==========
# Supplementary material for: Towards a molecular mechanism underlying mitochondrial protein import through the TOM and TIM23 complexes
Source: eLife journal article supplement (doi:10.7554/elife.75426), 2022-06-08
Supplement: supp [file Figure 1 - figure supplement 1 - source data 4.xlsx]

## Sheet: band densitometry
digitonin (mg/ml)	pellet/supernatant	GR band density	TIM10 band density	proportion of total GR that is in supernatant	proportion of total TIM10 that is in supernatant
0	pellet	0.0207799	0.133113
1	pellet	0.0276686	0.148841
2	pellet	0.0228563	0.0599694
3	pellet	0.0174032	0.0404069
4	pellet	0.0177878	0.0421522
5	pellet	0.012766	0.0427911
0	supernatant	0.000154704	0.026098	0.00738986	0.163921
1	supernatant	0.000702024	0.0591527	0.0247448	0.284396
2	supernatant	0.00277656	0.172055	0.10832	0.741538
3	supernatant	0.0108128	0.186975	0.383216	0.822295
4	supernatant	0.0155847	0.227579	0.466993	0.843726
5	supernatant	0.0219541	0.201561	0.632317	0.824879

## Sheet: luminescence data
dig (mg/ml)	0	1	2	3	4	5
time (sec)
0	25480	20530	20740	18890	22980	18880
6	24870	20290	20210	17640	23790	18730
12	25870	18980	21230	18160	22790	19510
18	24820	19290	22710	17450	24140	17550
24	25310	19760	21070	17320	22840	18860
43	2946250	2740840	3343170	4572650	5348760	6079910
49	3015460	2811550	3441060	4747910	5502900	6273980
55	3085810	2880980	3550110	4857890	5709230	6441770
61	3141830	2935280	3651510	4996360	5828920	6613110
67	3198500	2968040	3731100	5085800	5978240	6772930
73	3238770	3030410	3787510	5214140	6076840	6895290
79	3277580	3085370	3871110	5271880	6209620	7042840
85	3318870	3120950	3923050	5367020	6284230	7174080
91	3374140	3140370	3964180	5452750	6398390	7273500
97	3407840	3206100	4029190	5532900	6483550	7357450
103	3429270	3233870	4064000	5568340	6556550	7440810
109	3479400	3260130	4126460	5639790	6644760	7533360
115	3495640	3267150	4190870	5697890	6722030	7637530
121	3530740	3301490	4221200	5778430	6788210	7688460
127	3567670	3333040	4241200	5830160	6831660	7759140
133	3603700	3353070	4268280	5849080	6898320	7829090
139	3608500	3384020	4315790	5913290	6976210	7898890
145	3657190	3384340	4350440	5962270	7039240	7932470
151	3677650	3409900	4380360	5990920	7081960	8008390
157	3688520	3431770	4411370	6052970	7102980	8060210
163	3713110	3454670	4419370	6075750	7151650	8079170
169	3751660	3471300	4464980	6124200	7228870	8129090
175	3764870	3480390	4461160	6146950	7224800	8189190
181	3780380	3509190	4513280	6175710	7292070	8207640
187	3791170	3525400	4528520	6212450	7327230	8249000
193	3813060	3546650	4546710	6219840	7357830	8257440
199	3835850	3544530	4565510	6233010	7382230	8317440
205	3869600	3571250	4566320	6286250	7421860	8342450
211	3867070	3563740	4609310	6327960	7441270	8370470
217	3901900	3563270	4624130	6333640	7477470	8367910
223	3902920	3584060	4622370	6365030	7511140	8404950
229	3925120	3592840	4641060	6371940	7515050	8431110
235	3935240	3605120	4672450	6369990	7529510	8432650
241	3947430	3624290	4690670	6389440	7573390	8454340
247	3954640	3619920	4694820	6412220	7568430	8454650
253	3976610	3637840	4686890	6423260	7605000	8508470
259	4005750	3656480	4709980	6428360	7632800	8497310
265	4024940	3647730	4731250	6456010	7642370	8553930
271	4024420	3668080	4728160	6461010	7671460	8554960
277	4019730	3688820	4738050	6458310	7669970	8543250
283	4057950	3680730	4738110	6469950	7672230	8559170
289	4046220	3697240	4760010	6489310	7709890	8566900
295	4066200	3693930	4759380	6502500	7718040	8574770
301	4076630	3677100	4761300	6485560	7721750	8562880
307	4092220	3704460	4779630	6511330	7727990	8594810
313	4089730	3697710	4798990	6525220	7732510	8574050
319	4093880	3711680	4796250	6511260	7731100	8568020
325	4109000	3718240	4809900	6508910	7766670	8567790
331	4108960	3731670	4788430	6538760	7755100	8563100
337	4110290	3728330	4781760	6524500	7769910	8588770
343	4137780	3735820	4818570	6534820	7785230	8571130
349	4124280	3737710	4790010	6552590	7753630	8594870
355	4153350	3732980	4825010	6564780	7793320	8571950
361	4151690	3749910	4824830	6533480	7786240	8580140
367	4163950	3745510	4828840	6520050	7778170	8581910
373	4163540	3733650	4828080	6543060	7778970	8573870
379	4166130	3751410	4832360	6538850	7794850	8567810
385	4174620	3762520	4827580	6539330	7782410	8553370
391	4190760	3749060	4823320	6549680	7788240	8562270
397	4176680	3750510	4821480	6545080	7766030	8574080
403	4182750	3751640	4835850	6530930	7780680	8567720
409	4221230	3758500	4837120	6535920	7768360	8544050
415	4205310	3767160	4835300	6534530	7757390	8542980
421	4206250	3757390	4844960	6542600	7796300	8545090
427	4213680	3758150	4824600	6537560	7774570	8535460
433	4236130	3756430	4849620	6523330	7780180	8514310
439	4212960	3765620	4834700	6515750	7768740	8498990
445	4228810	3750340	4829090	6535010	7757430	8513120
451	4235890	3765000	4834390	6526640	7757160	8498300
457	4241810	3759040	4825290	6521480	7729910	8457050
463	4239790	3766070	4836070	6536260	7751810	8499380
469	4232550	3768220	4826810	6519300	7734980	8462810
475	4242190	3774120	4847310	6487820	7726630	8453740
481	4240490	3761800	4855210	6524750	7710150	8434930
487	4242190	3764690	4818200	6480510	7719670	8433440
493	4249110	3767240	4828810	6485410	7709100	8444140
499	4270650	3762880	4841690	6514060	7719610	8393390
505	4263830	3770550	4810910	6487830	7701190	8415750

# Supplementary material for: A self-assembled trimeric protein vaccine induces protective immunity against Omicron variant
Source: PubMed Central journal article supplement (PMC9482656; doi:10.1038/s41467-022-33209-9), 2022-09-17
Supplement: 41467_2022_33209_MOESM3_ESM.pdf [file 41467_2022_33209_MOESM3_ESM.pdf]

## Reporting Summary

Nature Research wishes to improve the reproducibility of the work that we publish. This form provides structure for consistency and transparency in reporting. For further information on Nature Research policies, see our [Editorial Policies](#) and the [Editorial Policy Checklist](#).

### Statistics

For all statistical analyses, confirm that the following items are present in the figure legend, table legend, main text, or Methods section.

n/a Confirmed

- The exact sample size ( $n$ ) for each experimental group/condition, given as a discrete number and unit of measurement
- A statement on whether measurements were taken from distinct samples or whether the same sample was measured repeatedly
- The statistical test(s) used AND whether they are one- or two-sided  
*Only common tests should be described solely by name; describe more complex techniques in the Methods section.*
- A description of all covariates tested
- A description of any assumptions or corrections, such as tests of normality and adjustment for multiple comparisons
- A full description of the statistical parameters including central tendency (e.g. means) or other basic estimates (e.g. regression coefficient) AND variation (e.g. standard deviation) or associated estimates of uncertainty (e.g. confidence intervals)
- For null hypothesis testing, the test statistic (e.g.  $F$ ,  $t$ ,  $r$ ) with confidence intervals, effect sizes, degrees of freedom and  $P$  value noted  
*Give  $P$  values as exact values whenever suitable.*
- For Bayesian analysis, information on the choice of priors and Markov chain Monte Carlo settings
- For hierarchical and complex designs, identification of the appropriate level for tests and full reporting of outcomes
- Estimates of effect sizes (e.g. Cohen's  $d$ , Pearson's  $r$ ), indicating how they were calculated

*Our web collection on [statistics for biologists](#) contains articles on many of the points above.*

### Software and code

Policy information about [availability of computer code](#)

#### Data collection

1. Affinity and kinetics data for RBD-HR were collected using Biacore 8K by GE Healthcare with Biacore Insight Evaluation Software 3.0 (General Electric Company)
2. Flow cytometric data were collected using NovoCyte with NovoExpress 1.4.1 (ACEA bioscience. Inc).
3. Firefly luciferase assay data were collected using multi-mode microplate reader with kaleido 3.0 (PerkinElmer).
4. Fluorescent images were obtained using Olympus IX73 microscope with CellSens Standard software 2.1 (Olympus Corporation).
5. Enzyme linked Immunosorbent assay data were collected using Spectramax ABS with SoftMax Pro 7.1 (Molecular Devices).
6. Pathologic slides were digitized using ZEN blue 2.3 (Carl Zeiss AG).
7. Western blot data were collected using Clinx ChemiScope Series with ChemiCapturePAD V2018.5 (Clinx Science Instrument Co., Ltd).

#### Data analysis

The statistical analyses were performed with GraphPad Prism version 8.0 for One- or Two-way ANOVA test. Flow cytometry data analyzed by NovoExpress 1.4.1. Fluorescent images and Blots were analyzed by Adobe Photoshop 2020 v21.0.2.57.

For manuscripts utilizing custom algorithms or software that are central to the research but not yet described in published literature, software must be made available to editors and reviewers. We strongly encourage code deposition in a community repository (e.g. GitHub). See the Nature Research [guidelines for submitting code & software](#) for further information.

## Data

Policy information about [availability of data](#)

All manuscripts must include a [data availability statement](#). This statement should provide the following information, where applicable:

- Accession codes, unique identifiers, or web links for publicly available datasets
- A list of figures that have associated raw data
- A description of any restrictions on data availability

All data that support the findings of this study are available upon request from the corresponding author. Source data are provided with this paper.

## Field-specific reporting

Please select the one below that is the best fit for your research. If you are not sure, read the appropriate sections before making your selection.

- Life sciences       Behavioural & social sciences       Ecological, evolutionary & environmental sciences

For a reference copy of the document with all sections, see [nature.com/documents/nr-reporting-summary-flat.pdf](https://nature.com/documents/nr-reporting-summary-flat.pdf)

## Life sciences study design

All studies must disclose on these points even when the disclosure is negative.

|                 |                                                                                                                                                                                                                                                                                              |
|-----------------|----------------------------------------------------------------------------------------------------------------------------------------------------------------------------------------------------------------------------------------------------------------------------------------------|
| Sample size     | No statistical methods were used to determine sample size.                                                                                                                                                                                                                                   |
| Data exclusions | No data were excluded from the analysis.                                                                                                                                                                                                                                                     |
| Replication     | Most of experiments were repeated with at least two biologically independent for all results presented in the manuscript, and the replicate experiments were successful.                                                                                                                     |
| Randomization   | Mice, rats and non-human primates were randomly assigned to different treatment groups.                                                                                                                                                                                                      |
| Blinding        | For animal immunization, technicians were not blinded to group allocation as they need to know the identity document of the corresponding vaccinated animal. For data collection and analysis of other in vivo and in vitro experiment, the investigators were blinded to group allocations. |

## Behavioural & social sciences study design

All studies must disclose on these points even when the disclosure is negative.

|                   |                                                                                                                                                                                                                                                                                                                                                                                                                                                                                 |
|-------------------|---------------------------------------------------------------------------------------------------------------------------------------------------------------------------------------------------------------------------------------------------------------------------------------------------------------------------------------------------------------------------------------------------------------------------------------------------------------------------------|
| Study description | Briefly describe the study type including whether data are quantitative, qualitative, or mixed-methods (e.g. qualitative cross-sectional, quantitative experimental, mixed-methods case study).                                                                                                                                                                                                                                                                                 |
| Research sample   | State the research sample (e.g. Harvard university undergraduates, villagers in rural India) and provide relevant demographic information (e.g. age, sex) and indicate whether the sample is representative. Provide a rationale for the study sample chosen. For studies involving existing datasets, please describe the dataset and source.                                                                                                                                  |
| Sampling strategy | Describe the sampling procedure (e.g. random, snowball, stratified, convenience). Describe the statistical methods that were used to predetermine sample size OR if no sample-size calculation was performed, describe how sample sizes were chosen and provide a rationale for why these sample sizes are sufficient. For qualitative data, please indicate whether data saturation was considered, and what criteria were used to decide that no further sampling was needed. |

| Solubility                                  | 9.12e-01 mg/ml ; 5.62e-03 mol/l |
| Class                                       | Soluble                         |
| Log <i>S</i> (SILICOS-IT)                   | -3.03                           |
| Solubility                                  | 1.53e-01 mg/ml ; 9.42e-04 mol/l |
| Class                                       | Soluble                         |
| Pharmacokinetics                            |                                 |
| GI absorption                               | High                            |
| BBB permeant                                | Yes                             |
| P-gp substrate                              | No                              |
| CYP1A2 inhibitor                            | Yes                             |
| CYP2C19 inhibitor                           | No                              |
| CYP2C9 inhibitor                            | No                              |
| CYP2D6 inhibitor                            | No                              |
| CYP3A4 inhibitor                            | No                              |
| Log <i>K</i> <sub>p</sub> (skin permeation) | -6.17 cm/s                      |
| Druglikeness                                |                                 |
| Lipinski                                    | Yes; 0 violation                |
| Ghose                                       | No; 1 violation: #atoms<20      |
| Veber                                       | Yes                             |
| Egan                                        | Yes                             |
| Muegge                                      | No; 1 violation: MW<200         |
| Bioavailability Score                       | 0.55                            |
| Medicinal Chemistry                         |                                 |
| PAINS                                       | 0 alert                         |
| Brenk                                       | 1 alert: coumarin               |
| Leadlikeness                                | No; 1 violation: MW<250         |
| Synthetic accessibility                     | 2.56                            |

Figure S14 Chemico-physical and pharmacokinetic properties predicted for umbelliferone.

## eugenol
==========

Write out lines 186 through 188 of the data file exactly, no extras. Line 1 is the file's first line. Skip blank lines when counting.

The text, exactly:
| Bioavailability Score                       | 0.55                            |
| Medicinal Chemistry                         |                                 |
| PAINS                                       | 0 alert                         |